Whilst the DPRK would be an impossible place against which to start a further war due to the fact that it is nuclear armed and so are its sympathetic neighbours China and Russia and whilst Iran would be a dangerous place to try and re-create the failed “shock and awe” of the 2003 Iraq war, Venezuela is by contrast a much softer target by any stretch of objective military strategic planning. Venezuela’s lack of South American allies and its militarily obsolete hardware would only further contribute to this reality.
Why then is Nicolas Maduro still in power? The answer is because Donald Trump was willing to let his neocon advisers have their chance to do their best/worst in Venezuela but Trump did not particularly care if they succeeded. The fact that Trump did not want expensive, deadly and infrastructurallly damaging full scale war and did not even seek to bribe members of the Venezuelan military sufficient to make such an offer one that they “could not refuse”, further speaks to the fact that Trump did not give the likes of Bolton and Abrams too much of a budget by otherwise lofty US standard.
Had Bolton and Abrams succeeded in overthrowing Maduro, Trump may well have basked in a “victory” as any US leader would have done in such a situation. However, because Bolton and Abrams have failed, Trump now has further leverage against them when it comes to their hawkish views on the DPRK, Iran and beyond – views that Donald Trump is ever more openly challenging not least because of recent remarks where he acknowledged the dangers of a very real military-industrial complex.
Taken as a whole, what matters most is that Trump did not see fit to put in much effort to overthrow a leftist government in Washington’s Latin American “backyard”. By the standards of Washington’s frequent meddling in Latin America which long predated the advent of NATO, Trump’s move is not insignificant.
An obvious question which must now be asked is: if Trump was unwilling to do anything significant in militarily weak Venezuela, what actions would he risk taking against a far more militarily capable Iran? Although the influential Israel lobby is clearly more concerned with Iran than Venezuela, there is still an element of ‘Donald Trump being Donald Trump’ when it comes to having a distaste for expensive, deadly and ultimately very non-heroic wars. Trump likes to be a winner and surely for such a man, seeing the disasters that previous US leaders got into in Afghanistan, Iraq, Libya and Syria makes the prospect of war with Iran something of an unattractive one.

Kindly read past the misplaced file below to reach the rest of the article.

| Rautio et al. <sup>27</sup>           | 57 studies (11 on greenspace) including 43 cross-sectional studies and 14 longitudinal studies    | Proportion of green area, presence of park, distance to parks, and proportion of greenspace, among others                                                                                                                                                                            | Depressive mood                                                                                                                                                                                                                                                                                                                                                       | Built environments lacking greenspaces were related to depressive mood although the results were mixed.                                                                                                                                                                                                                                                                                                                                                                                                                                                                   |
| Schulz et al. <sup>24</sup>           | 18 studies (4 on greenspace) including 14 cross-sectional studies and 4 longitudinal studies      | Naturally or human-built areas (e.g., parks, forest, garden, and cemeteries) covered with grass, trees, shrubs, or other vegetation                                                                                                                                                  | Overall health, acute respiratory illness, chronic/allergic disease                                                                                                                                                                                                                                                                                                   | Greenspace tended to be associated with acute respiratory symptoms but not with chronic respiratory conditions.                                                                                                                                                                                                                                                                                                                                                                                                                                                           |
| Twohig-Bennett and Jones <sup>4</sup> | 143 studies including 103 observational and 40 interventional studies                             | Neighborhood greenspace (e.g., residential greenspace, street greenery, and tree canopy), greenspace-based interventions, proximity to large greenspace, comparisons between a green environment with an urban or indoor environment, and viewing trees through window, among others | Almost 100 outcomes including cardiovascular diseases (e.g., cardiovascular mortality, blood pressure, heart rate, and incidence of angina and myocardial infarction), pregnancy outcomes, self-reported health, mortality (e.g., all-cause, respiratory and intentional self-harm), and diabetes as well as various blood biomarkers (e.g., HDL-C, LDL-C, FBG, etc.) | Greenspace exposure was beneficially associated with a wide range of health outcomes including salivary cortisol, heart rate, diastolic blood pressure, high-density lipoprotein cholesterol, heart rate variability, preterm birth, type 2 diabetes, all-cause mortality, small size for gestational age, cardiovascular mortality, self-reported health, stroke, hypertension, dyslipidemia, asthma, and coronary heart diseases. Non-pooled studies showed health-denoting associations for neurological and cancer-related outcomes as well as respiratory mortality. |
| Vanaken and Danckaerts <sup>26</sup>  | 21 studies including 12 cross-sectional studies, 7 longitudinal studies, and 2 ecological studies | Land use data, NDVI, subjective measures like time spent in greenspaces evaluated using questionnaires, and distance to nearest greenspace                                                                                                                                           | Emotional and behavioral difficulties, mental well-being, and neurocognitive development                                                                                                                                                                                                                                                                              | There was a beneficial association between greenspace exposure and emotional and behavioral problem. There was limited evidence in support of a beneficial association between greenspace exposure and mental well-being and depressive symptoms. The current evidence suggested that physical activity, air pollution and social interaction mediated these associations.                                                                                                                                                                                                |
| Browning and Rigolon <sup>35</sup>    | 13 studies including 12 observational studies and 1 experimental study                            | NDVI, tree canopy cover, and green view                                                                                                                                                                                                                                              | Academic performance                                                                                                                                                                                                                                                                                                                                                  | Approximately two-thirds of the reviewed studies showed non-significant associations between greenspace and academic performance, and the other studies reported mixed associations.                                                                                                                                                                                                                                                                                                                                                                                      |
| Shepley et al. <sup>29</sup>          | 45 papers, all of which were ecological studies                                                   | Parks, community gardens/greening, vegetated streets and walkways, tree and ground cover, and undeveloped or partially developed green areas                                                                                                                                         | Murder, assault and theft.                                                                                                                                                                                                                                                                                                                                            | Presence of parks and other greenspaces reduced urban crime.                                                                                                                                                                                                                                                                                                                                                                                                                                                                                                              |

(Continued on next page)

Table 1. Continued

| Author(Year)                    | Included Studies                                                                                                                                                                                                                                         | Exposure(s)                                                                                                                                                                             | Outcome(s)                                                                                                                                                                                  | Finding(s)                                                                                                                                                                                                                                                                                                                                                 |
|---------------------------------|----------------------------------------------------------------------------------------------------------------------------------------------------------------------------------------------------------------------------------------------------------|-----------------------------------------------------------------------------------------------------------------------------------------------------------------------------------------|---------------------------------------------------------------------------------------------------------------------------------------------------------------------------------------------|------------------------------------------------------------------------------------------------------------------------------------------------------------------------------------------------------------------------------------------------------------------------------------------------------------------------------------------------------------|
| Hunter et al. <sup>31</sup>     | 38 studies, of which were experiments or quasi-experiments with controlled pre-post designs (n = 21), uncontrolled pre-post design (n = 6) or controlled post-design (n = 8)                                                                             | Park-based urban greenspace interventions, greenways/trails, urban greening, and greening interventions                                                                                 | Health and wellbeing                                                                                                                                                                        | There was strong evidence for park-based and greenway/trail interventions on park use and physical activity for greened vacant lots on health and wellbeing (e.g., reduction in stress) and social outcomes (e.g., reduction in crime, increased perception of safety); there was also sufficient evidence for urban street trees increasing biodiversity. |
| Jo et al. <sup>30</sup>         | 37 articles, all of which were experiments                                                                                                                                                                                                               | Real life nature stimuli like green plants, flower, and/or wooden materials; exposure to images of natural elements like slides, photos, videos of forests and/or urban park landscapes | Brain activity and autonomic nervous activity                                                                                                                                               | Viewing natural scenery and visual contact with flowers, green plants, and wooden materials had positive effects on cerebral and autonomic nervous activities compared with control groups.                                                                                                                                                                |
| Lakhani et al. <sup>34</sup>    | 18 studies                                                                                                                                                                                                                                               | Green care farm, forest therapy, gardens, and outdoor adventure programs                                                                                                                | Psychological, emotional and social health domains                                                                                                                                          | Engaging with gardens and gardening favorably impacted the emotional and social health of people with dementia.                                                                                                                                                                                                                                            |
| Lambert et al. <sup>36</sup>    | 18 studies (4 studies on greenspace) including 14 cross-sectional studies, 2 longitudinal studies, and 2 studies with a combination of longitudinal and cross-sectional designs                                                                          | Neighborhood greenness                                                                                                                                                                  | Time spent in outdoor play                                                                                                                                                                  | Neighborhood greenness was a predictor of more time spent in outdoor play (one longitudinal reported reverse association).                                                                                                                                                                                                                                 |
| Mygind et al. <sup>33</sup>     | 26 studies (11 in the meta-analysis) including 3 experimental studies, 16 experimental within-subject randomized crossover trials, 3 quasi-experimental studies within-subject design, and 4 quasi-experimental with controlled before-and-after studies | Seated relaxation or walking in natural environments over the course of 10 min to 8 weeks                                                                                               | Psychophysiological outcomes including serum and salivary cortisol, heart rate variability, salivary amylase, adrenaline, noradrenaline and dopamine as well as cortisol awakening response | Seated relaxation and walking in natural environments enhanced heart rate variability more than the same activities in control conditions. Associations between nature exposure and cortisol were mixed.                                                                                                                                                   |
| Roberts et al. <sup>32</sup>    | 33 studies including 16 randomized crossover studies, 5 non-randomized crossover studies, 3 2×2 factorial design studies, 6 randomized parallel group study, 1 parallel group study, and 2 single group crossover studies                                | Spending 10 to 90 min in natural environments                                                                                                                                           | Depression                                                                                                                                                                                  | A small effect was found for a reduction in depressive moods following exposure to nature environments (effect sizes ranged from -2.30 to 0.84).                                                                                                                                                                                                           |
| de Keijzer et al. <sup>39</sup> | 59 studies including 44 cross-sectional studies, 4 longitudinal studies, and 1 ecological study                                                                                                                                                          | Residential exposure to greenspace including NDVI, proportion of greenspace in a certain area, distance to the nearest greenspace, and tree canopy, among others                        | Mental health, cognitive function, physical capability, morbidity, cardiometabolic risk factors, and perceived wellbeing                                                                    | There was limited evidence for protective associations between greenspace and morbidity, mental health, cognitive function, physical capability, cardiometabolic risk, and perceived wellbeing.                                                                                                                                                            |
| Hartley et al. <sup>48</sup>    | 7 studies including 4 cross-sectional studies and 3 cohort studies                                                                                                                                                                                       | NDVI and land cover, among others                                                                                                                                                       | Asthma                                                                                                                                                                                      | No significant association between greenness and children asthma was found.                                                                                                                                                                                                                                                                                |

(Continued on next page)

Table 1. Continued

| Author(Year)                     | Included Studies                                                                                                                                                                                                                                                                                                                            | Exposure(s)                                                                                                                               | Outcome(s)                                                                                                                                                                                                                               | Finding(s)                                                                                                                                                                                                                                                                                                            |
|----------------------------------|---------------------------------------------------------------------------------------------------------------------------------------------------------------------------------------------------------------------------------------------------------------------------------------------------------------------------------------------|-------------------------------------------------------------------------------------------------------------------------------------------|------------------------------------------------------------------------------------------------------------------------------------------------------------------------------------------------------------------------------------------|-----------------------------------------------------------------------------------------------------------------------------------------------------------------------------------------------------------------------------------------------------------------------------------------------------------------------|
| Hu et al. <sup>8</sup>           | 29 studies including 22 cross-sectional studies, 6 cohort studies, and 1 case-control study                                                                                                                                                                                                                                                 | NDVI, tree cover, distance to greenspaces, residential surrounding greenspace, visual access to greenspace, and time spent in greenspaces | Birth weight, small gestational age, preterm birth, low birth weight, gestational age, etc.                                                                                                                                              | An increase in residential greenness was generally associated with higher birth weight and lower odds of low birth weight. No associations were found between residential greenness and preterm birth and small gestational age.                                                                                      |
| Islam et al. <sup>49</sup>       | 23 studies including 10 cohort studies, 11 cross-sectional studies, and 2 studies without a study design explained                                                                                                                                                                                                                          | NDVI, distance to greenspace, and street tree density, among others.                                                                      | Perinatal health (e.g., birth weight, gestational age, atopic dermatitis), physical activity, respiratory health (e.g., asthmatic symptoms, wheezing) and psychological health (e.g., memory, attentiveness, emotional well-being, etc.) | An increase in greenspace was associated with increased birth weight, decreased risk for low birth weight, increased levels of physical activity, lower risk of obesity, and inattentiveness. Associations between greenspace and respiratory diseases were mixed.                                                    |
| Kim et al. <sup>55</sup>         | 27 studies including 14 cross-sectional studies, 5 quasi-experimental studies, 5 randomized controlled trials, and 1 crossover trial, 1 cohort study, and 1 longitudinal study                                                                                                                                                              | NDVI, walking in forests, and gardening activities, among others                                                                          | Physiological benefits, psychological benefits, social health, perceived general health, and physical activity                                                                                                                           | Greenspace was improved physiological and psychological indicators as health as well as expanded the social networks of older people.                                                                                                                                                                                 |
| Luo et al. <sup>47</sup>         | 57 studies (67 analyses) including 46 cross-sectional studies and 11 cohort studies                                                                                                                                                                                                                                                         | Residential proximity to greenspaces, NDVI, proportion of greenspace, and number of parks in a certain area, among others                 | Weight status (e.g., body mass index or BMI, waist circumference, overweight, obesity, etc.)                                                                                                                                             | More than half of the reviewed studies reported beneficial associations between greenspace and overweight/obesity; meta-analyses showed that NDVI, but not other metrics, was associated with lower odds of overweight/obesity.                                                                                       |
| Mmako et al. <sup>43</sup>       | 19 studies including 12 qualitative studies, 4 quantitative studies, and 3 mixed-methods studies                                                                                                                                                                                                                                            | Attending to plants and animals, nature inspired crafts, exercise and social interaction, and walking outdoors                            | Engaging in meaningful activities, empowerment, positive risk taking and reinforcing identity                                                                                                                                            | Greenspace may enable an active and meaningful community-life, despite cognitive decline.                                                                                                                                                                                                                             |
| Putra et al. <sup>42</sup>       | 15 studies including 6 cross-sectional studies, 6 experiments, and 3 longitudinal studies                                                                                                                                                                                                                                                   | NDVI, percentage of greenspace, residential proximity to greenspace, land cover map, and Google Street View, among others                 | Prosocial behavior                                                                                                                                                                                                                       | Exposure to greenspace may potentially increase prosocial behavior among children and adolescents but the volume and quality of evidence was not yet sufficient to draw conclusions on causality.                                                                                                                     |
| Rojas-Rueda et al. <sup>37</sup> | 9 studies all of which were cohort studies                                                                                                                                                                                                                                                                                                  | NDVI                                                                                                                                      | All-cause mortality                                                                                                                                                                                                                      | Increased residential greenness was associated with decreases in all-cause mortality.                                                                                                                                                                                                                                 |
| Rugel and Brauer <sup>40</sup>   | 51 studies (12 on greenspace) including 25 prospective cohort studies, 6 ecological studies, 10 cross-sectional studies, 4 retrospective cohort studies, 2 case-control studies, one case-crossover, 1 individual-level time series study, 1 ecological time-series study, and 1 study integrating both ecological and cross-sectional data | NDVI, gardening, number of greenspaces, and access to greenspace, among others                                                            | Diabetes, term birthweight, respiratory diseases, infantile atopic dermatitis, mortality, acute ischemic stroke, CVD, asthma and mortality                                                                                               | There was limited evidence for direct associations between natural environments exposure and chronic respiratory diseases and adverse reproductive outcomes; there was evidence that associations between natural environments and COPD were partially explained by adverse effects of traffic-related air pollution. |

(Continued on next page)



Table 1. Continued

By no means does this discount the possibility of limited US or allied provocations against Iran, but when it comes to a full scale war, it seems highly unlikely that such a thing would be inflected against Iran. Soon, Juan Guaidó will re-enter into talks with the government which represents a major climb-down since his halcyon days of claiming to be the sole legitimate political leader of Venezuela who refused any form of mediation.
Clearly, Washington is losing interest and is now simply trying to save face after Guaidó and his comrades became involved in a scandal which allegedly saw them absconding with aid money for their personal use. “Project Venezuela coup” has failed, “project DPRK war” has turned into project peace and “project regime change Iran” may well meet a fate that’s somewhere between the previous two.